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Roadmap 2030: Five ways Europe could respond to Growing Protectionism

For months now, trade disputes between the U.S. and China have been escalating. Growth forecasts are therefore being lowered worldwide, most recently by the OECD. The U.S. protectionist measures are directed primarily against China, but the EU is also increasingly being targeted by American trade policy. As a reaction to protectionist measures – regardless of which country takes them – there are five central measures for the EU.

#1 Removing European trade barriers to the rest of the world

This measure is not primarily aimed at “appeasing” a country with a protectionist trade policy. Its purpose is rather to credibly show the rest of the world that the EU takes its commitment to free world trade seriously – even in times of increasing protectionism. To reaffirm its commitment to fair world trade, the EU should also reduce or eliminate its subsidies and quotas for agricultural products. This would eliminate the distortion of competition vis-à-vis emerging economies, which are more dependent on agriculture.

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#2 Strengthening the European Single Market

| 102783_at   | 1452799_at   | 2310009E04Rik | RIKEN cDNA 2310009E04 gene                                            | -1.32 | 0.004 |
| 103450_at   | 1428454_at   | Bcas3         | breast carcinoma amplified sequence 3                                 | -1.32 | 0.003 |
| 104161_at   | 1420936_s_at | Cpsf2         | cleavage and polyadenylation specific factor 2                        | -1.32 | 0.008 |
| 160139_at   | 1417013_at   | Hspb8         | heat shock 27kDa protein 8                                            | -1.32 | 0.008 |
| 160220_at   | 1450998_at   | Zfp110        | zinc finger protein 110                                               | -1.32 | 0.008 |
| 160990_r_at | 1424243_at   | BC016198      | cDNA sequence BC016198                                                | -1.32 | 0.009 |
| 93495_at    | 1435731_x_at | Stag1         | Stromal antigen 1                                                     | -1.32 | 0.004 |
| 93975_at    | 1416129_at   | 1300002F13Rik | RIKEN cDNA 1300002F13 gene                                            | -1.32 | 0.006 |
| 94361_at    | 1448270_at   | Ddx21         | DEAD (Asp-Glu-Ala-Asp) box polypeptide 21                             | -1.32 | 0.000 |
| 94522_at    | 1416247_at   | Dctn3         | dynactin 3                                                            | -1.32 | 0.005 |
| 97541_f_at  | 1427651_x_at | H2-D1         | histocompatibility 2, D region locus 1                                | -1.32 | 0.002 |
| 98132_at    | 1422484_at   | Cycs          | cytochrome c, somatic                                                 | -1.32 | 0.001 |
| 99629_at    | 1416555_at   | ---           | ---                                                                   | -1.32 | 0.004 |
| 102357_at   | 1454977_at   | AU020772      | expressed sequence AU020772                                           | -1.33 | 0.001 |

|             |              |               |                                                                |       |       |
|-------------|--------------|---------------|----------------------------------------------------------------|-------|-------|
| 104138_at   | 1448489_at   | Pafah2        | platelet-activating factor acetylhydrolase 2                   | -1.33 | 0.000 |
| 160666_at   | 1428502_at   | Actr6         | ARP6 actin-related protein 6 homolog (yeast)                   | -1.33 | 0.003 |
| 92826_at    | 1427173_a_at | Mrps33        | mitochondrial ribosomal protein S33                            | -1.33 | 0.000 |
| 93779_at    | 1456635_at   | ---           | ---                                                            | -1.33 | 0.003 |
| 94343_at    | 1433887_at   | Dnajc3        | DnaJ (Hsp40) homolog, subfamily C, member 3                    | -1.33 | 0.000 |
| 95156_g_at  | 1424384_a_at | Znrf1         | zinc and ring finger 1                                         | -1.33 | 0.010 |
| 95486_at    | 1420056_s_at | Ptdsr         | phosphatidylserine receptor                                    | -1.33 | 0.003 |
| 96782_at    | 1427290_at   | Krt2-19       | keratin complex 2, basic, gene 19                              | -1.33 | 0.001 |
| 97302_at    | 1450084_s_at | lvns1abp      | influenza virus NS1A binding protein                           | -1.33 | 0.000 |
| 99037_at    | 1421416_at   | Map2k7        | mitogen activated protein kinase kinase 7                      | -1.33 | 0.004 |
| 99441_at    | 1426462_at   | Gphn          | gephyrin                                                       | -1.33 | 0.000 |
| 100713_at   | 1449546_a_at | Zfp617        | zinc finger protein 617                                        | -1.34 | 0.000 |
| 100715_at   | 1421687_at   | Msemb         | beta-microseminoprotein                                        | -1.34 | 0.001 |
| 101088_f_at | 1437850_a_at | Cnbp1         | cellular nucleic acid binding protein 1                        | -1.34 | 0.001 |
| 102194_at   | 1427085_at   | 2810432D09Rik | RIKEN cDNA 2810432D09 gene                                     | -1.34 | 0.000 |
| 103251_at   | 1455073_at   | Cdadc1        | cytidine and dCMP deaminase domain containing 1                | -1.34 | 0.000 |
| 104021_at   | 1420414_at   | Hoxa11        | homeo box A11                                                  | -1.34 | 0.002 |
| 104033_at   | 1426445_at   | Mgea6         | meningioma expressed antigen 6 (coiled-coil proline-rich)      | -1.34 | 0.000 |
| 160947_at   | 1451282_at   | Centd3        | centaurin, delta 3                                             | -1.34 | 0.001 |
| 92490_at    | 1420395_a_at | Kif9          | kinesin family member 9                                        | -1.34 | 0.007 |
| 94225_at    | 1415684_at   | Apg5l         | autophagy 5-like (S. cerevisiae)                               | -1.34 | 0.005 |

If the EU’s export opportunities decline because of a protectionist policy of other countries, this will weaken Europe’s economic development. To compensate for exports to these countries, an expansion of the European domestic market would be a good idea. The areas of service trade, digital trade, cross-border labor mobility and public procurement should be considered in particular.

#3 Supporting multilateralism in the context of the WTO

The World Trade Organization (WTO) is basically the best place to stabilize and intensify the multilateral trading system. In order to strengthen the WTO’s currently limited functional capacity, a reform process is necessary in order to defend and further develop the liberal, rule-based order of the world trading system (see Figure 1).

Roadmap 2030

#4 Conclusion of regional trade agreements

Should an intensification of international trade not take place within the framework of multilateral agreements, regional free trade agreements – such as the agreement between the EU and Japan that entered into force on 1 February 2019 – would be an alternative. The EU is also currently negotiating agreements with numerous other countries. In any case, it must be ensured that such agreements do not weaken the achieved EU protection standards for consumers, the environment, employees, etc.

#5 Moderate retaliation

Retaliatory measures by the EU in the form of punitive tariffs against those countries that impose such duties on EU products are at the expense of the European economy. However, separate punitive tariffs are needed to put pressure on those countries that build tariffs and non-tariff barriers to trade. The European retaliatory measures should be moderate in the sense that the EU only follows suit with regard to the export volume affected and imposes punitive duties on an export volume of the other country that corresponds to the EU export volume affected by punitive duties.

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